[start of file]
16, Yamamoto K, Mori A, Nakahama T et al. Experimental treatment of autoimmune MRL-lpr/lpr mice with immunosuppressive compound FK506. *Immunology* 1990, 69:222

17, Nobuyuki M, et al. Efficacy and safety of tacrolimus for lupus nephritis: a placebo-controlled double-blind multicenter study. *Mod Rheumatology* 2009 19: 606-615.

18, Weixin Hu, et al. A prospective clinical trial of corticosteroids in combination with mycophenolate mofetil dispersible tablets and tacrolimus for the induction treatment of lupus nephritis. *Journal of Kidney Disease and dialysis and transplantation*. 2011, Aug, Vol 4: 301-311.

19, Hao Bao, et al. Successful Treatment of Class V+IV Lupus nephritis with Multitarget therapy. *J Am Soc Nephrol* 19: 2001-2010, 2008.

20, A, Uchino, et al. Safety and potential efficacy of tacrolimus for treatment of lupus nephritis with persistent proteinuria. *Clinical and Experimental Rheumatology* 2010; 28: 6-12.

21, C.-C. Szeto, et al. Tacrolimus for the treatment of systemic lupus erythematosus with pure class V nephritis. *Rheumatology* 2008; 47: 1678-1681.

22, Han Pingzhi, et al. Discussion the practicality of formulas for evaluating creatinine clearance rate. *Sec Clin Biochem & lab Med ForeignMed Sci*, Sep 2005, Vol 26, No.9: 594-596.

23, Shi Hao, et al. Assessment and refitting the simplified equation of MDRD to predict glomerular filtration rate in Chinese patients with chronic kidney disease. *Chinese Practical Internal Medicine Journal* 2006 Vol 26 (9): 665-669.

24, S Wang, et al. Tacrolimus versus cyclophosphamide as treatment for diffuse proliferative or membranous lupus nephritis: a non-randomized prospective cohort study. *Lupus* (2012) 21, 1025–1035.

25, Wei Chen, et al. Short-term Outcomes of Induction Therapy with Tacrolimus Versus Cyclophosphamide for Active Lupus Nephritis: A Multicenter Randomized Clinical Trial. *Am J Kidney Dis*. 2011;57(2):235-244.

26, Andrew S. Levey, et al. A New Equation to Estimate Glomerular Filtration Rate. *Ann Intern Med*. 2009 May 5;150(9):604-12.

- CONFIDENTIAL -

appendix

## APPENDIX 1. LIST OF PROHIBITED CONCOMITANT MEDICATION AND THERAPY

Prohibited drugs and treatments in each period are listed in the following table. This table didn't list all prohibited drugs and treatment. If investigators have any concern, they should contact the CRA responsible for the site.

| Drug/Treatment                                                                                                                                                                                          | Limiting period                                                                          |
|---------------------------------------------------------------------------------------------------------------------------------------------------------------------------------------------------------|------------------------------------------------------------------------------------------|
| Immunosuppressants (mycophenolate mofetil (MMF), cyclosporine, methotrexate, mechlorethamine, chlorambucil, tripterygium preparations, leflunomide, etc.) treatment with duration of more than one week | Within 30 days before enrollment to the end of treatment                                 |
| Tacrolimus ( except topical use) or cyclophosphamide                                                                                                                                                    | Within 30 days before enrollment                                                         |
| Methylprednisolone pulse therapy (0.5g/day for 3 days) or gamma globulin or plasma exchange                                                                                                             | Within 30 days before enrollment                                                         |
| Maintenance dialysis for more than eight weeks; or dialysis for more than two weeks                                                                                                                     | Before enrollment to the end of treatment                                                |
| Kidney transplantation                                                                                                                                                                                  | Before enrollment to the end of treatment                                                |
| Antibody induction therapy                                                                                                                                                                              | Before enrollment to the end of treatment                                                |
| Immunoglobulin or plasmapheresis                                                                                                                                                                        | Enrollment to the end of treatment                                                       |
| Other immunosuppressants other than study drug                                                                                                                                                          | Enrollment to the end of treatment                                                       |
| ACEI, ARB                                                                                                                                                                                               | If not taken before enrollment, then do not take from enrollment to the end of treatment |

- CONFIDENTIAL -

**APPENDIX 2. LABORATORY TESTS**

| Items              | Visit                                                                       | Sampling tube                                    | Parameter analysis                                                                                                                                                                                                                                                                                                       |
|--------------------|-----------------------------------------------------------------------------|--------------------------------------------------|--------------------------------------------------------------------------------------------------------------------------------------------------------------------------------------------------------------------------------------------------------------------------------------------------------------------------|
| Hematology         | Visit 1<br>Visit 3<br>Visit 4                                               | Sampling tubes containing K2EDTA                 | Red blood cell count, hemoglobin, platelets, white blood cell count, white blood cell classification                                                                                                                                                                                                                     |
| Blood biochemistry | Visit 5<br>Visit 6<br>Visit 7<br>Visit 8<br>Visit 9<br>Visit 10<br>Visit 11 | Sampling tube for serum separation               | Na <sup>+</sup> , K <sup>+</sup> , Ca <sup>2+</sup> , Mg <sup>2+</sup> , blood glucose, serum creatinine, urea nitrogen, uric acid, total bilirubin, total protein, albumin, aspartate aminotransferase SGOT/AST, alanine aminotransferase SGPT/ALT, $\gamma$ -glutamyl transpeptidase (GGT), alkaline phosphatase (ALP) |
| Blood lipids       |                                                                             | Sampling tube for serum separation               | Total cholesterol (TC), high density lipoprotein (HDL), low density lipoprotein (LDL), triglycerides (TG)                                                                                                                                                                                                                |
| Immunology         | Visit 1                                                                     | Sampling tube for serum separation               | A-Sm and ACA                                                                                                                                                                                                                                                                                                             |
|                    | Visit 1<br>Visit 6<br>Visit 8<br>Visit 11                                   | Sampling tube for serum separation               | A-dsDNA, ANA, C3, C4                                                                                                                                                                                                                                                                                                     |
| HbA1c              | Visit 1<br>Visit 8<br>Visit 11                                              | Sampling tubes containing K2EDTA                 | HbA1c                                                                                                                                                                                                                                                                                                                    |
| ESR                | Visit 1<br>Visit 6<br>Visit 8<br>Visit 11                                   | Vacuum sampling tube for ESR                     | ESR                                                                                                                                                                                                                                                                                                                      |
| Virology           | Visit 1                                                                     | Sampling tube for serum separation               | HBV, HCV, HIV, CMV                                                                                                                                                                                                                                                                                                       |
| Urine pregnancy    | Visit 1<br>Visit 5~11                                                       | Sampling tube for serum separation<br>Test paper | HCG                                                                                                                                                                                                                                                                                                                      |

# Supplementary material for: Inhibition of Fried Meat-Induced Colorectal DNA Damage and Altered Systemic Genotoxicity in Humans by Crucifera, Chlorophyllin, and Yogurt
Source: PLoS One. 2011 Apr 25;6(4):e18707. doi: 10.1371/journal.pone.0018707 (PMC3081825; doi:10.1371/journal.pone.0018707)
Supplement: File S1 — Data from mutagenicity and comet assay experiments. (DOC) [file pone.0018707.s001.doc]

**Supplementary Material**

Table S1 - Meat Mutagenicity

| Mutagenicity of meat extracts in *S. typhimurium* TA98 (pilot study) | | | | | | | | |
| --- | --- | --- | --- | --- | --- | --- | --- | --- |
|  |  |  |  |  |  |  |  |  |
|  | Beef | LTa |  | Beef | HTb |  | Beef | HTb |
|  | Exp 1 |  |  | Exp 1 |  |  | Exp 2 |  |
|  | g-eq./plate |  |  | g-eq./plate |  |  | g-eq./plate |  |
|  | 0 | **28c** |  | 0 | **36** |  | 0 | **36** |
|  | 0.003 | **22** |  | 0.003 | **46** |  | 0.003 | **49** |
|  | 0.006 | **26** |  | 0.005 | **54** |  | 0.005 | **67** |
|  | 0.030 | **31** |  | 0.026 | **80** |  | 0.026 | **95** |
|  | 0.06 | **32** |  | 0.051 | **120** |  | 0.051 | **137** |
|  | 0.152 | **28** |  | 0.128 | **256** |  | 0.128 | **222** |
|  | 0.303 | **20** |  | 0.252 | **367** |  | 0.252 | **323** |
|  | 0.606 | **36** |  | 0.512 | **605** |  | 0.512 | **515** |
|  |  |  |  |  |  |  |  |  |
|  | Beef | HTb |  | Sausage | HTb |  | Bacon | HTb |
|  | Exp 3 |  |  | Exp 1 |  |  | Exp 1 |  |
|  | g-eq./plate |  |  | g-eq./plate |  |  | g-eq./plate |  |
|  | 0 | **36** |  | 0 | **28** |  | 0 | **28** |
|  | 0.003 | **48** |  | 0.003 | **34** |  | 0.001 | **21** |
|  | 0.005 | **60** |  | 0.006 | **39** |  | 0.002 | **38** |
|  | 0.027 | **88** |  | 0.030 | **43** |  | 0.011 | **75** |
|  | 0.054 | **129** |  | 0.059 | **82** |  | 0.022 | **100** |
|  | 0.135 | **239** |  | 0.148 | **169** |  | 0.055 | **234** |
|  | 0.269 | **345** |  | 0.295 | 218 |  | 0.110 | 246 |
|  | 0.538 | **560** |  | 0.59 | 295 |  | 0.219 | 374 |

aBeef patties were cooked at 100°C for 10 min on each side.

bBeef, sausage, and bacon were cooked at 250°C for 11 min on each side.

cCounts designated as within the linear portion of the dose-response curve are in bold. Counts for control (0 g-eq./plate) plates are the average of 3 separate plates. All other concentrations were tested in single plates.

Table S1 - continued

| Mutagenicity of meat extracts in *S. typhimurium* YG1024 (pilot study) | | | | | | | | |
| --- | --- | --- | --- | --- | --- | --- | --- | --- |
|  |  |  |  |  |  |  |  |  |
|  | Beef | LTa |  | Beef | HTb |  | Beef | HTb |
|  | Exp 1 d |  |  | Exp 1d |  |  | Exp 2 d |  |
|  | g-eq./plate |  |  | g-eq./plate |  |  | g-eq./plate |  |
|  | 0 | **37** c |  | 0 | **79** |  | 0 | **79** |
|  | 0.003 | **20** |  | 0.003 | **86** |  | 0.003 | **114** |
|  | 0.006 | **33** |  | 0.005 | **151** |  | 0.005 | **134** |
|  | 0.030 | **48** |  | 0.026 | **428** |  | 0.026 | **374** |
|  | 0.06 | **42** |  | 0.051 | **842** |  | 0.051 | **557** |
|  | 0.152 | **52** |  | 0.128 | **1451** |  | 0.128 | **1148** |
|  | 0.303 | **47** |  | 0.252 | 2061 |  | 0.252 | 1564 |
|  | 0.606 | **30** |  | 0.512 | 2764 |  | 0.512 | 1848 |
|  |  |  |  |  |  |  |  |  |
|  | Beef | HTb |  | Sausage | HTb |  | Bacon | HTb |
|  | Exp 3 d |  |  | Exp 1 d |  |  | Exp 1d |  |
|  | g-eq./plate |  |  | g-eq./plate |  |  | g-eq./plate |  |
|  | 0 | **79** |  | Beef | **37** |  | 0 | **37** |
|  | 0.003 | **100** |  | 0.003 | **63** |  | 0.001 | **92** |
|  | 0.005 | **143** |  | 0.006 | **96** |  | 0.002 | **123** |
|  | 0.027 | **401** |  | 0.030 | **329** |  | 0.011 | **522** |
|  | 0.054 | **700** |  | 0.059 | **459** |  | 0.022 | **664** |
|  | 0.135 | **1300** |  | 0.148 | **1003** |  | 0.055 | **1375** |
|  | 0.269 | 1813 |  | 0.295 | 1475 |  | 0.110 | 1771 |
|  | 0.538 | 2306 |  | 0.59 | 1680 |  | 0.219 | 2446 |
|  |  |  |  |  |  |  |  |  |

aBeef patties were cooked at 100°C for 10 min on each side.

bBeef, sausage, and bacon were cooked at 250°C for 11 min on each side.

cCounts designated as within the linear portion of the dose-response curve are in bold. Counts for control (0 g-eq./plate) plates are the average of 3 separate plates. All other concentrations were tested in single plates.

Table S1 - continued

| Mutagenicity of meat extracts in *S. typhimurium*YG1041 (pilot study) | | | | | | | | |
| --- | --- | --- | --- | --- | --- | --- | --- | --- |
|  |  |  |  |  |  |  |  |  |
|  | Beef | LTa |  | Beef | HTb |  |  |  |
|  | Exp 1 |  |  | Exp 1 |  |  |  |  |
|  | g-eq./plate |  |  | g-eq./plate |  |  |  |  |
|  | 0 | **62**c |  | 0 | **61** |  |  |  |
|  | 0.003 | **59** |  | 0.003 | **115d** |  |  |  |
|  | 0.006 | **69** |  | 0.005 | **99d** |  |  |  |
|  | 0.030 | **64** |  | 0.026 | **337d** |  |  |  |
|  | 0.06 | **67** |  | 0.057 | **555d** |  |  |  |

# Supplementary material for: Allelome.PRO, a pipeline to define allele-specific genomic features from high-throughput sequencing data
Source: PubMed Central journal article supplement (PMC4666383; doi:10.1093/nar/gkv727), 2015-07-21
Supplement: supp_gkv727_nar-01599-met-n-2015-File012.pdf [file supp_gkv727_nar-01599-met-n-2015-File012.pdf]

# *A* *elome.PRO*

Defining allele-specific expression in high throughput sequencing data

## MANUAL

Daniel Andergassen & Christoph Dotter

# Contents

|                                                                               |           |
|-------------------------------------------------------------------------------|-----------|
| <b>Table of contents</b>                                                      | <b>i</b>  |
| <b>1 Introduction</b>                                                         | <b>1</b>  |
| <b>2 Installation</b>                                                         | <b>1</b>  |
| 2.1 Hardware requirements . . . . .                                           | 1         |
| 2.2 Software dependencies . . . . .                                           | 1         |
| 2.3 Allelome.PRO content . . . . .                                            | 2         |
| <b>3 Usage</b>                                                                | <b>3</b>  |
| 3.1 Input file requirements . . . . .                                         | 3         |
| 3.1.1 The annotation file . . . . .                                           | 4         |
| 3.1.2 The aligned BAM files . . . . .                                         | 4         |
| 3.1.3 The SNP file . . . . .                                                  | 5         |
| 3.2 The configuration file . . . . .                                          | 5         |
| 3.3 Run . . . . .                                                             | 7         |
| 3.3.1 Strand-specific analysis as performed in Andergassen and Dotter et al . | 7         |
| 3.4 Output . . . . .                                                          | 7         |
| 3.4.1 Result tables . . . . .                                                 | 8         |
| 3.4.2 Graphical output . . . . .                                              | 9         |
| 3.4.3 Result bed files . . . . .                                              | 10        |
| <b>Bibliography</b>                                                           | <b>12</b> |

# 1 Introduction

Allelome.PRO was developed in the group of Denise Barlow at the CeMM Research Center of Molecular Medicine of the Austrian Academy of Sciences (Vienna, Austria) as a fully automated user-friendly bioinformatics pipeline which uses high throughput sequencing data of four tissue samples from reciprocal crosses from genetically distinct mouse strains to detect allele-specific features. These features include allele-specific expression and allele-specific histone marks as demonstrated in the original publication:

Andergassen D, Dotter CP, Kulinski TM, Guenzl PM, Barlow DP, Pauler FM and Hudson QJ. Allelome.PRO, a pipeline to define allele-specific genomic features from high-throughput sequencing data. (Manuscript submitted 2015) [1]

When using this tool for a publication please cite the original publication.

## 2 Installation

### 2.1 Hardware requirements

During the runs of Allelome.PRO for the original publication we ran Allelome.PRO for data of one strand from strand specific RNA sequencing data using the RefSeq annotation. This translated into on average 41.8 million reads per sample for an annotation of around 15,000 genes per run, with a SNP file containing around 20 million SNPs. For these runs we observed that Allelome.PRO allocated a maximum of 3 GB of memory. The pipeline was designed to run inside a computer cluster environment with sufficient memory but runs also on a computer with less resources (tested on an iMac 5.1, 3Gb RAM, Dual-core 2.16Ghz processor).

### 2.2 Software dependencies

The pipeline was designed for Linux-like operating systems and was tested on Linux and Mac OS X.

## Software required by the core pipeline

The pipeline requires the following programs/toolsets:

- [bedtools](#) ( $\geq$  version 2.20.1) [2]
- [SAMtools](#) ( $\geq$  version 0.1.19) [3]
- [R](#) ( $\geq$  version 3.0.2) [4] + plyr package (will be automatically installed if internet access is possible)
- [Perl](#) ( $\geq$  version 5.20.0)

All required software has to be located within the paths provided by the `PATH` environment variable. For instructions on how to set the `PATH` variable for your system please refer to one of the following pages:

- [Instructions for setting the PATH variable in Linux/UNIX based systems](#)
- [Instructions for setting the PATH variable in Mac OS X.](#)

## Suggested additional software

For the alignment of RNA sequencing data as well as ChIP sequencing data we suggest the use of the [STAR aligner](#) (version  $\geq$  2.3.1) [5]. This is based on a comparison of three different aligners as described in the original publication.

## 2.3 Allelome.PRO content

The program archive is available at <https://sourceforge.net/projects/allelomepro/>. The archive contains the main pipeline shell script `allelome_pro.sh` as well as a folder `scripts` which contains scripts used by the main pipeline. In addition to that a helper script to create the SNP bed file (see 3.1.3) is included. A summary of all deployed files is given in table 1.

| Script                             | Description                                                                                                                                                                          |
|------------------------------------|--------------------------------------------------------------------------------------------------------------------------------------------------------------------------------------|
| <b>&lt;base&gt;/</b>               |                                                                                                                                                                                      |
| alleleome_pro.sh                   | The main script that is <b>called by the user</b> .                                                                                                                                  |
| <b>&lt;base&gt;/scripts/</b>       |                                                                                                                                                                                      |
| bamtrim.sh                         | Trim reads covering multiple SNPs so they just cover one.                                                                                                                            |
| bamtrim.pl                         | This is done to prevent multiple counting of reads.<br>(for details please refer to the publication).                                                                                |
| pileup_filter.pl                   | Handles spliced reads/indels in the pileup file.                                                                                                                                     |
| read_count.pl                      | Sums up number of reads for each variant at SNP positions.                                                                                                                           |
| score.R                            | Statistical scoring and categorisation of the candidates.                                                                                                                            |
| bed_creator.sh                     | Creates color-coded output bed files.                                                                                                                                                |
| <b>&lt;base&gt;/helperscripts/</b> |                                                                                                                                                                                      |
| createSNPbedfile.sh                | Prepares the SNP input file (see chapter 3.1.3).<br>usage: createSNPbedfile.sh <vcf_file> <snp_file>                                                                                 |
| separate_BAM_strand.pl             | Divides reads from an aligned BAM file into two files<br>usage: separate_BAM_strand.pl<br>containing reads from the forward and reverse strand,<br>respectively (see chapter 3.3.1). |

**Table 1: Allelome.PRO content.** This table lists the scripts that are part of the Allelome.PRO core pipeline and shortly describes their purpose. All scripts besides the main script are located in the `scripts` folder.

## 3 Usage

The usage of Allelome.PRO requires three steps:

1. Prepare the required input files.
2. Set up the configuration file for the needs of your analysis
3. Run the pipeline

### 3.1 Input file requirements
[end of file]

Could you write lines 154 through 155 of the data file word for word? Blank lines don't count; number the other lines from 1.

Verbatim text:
The pipeline was designed for Linux-like operating systems and was tested on Linux and Mac OS X.

## Software required by the core pipeline